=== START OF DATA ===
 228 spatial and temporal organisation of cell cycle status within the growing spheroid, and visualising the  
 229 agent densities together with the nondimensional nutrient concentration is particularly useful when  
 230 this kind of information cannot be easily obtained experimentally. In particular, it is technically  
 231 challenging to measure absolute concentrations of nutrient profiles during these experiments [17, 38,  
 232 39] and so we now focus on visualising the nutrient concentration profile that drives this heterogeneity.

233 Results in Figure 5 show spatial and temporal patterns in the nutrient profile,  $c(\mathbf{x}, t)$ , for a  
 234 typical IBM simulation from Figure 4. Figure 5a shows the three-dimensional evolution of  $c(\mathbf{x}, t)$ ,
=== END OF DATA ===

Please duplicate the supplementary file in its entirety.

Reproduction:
 228 spatial and temporal organisation of cell cycle status within the growing spheroid, and visualising the  
 229 agent densities together with the nondimensional nutrient concentration is particularly useful when  
 230 this kind of information cannot be easily obtained experimentally. In particular, it is technically  
 231 challenging to measure absolute concentrations of nutrient profiles during these experiments [17, 38,  
 232 39] and so we now focus on visualising the nutrient concentration profile that drives this heterogeneity.

233 Results in Figure 5 show spatial and temporal patterns in the nutrient profile,  $c(\mathbf{x}, t)$ , for a  
 234 typical IBM simulation from Figure 4. Figure 5a shows the three-dimensional evolution of  $c(\mathbf{x}, t)$ ,